Mary Orlando is a Montessori educator at the Villa Montessori School in Phoenix, AR. She has worked there for the past 31 years as a lead teacher at the Preprimary, Elementary 1 and 2, and Middle School levels. For the past six years she has served as Assistant Head of the school. Montessori is an educational system that weaves the story of the Universe into their basic educational values and curriculum, creating a strong bond within each child with Earth and Nature.
In her 1948 book, To Educate the Human Potential, Maria Montessori stated:
“Since it has been seen to be necessary to give so much to the child, let us give him/her a vision of the whole universe. The universe is an imposing reality, and an answer to all questions, for all things are part of the universe and are connected to each other to form one whole unity. If the idea of the universe be presented to the child in the right way, it will do more for him than just arouse his interest, for it will create in him admiration and wonder, a feeling loftier than any interest and more satisfying. The child’s mind then will no longer wander, but becomes fixed and can work.”
We will journey through Mary’s life to partake in the unfolding of her career in the Montessori method and her personal integration into the new cosmology. Mary is the mother of three grown children, all who attended Montessori schools. She graduated from the Sophia weekend program in May 2006 and feels that it was a perfect fit with Montessori.
Mary, tell us a little about early years.
I was born and raised in Detroit Michigan. My parents, while very staunch practicing Catholics, always exuded a depth of true spirituality. What I mean is they were always looking for the ‘heart response’ to life, loving one another and open to fun. It helped to be Irish. I am the youngest of three children. On the weekends I remember packing a lunch and going to the pretty section nearby. In retrospect I realized this “wild space” –complete with some trees and flowers — was nothing more than a large median dividing a street with one-way traffic on each side. I always loved being outdoors. Television didn’t enter my life until the fifth grade, so most all of our free time was spent outside. Vacant lots in my neighborhood, often replete with overgrown trees, modest ponds and even tadpoles, were the coveted place to play and explore.
How did you find yourself on the path of Montessori education?
Right after high school I joined the convent and for 13 years became part of the Immaculate Heart of Mary (IHM) Order in Monroe, Michigan. There I was trained as a teacher and taught 2nd grade at a Detroit suburban school for 5 years. This was the time when Martin Luther King Jr. was bringing such critical awareness to the racial discrimination and injustice that existed throughout our country. When MLK Jr. was murdered April 4, 1968, this led to the race riots that broke out in Detroit. My friend and I then approached a black leader in the inner city of Detroit to find out how we could be of help. It was this amazing man that pointed me in the direction of Montessori. He explained that children from poverty-ridden areas are often three or four years behind their “more fortunate” peers when they enter kindergarten. He suggested that we look into an educational program called Montessori because it had such a good reputation for working with children between the ages of three and five. Within a week’s time we went to observe at a Montessori school — at the time the only Montessori school in Detroit. We were both amazed at what we saw! That observation set me on a path that changed my life forever. It has remained (to use one of Brian Swimme’s phrases ) as a “primal allurement” for the last forty-three years!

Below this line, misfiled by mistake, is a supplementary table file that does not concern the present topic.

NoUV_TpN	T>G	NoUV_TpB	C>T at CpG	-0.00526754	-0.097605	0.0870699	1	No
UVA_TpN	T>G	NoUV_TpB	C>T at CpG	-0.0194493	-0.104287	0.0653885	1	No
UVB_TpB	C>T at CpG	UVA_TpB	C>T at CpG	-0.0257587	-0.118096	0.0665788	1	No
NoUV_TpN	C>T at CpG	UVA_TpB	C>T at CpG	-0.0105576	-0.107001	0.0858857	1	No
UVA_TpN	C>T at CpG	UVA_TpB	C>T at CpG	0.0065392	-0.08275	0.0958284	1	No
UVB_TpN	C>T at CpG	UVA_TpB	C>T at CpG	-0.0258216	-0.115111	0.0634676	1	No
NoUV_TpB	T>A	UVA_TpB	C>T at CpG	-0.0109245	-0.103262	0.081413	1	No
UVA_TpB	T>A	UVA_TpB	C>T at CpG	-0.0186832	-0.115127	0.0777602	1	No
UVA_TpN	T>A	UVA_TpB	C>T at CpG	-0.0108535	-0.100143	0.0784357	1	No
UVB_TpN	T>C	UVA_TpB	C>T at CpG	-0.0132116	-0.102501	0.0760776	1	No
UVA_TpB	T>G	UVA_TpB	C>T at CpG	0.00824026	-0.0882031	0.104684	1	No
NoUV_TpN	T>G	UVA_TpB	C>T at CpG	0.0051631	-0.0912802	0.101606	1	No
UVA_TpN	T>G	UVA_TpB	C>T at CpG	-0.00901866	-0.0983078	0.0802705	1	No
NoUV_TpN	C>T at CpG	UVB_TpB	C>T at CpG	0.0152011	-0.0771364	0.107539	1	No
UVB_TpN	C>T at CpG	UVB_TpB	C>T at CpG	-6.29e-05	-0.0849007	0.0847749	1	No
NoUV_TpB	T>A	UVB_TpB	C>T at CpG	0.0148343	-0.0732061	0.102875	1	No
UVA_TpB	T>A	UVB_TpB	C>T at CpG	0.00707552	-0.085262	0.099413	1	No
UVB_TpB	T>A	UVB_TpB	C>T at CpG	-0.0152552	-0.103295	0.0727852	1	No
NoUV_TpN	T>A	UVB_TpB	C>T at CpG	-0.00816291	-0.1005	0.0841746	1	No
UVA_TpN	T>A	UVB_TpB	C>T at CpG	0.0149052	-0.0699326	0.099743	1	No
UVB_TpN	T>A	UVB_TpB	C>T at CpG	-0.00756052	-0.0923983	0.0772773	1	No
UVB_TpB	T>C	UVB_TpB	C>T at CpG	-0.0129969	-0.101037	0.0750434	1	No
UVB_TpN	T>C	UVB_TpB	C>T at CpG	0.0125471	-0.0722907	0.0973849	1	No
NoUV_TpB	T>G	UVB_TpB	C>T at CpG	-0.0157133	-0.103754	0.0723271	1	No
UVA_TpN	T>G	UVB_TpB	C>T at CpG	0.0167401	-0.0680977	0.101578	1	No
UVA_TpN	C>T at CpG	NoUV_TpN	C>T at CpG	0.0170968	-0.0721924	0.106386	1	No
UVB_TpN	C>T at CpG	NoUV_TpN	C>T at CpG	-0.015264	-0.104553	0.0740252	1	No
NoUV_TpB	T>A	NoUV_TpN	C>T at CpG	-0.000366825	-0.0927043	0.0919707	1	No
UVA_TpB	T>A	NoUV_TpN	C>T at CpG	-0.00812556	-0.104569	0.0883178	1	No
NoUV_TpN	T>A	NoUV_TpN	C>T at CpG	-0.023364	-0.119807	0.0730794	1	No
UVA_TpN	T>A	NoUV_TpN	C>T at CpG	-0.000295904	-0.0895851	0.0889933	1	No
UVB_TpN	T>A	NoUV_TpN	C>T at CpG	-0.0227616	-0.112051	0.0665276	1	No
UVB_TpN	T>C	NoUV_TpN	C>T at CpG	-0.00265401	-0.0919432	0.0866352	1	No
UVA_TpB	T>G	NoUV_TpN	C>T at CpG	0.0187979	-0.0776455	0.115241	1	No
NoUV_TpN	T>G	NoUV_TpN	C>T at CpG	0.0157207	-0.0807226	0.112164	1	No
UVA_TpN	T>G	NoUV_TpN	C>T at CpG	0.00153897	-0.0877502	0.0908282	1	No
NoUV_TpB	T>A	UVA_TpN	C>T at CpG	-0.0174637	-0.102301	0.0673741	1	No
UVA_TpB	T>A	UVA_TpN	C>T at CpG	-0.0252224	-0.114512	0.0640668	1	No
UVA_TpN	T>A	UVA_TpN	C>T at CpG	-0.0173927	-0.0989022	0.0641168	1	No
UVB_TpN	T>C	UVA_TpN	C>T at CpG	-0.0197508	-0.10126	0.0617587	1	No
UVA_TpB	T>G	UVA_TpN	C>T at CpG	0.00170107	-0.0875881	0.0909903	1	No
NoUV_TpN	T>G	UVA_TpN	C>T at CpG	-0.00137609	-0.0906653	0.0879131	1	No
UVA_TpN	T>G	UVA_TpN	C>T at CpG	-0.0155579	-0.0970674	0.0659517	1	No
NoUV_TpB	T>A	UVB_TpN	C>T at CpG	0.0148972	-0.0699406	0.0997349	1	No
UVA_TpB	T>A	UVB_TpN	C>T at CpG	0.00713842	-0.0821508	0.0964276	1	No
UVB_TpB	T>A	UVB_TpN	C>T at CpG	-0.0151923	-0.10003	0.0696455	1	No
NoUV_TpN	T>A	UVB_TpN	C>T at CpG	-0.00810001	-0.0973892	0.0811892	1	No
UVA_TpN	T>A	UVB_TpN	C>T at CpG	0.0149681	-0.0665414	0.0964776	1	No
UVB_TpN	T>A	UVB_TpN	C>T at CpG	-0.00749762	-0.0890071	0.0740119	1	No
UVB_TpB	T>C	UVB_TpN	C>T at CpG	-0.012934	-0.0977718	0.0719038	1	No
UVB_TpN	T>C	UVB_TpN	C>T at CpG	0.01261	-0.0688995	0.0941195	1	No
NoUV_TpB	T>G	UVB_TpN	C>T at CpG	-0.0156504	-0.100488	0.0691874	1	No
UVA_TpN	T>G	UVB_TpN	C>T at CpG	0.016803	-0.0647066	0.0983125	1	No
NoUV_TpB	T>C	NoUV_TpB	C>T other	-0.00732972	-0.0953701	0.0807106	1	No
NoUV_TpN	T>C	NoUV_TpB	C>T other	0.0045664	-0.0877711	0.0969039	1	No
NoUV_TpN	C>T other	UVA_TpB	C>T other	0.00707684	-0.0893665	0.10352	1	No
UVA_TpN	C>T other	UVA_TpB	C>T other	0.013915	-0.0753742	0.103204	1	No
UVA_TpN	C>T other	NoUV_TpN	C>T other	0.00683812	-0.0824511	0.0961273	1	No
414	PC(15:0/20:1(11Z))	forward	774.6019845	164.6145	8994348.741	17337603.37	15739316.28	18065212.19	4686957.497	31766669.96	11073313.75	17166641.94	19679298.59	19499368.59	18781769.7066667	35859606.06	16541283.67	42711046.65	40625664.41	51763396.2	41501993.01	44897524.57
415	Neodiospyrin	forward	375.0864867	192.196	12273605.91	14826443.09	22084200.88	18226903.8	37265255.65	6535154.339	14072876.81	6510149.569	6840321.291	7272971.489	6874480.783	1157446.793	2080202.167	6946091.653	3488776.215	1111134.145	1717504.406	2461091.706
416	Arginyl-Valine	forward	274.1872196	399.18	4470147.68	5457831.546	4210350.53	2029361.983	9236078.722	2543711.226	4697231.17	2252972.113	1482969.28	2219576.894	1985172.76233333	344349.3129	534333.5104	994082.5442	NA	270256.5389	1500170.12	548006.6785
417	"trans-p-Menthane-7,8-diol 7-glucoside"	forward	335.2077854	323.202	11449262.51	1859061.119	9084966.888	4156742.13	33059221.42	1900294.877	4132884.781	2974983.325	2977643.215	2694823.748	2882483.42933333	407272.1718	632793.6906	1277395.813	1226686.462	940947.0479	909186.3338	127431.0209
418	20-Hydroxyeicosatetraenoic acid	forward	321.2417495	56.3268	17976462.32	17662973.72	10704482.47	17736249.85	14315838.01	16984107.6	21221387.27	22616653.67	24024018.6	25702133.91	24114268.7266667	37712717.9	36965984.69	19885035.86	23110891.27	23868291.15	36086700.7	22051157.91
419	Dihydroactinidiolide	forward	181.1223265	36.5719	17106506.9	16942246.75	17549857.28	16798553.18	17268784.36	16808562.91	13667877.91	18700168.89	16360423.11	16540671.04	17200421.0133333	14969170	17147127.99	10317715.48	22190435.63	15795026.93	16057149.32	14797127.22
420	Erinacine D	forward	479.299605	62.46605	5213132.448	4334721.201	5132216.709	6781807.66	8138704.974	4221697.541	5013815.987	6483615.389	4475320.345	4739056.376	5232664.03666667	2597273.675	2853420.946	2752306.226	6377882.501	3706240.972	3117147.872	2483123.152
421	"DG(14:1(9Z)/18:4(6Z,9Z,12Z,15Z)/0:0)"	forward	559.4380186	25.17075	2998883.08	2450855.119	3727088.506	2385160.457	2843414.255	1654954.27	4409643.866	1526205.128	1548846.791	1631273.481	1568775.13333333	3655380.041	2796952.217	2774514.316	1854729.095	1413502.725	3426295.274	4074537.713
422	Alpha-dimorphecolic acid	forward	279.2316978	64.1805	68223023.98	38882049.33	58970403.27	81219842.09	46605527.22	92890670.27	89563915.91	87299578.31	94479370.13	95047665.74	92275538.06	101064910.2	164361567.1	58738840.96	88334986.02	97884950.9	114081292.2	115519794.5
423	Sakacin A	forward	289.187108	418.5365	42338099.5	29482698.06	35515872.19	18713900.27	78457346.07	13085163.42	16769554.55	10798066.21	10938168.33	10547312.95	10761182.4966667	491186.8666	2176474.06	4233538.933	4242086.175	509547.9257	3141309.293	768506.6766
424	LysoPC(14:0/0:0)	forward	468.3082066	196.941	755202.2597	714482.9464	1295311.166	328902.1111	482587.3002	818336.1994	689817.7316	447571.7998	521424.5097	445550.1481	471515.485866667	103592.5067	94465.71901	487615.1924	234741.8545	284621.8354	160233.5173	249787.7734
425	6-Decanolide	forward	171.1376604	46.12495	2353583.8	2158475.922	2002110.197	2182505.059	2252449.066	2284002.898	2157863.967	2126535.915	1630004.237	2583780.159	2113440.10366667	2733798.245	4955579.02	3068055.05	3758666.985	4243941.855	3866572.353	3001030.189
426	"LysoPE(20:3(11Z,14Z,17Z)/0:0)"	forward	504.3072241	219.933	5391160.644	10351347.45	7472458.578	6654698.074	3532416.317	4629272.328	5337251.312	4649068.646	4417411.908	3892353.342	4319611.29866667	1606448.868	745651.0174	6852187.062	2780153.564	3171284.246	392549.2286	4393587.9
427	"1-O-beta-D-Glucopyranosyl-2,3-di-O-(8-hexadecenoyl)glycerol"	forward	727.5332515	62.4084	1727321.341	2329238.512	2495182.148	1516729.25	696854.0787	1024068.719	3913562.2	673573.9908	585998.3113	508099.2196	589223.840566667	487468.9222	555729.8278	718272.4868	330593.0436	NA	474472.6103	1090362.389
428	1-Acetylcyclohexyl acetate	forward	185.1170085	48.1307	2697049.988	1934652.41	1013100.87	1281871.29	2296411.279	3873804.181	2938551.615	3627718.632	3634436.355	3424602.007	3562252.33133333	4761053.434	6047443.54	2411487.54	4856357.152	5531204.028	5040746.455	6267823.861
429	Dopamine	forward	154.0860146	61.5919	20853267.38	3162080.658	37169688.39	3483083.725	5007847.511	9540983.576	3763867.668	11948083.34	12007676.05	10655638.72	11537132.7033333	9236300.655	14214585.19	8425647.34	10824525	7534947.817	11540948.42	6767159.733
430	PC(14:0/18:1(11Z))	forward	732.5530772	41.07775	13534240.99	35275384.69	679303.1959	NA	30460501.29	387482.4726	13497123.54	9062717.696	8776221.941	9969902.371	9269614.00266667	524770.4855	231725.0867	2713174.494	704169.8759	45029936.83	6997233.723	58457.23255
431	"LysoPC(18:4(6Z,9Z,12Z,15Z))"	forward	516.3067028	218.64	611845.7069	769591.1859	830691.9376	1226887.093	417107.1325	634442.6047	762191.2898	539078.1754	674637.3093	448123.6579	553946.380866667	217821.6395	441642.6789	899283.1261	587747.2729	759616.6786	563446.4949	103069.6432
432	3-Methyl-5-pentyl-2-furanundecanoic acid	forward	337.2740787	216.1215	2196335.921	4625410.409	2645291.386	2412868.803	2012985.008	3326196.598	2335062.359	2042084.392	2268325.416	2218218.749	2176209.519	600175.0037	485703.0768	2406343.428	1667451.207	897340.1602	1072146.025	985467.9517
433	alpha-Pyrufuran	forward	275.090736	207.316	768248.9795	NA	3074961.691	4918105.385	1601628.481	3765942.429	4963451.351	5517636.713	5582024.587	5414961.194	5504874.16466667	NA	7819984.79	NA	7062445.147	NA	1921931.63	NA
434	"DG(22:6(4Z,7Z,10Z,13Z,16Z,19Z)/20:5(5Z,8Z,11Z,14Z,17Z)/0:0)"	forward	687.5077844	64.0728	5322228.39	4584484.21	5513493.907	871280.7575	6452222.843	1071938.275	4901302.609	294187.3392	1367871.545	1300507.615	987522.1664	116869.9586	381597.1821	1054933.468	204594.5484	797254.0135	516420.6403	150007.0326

The Universe leads us on the path in the most intriguing ways. What happened next?
The following summer, my friend and I were given permission to leave the convent where we were living to move to the inner city to begin training in Montessori. For a year we interned at a Montessori school in the morning, taught regular school in Detroit in the afternoon to make a small income to support ourselves and then returned to the inner city in the evening to work at a black community center with young adults to gain experience working in this community. As soon as we received our Montessori certification we set about creating Montessori Day Care centers in the inner city Detroit.
How does one start a day care center from scratch?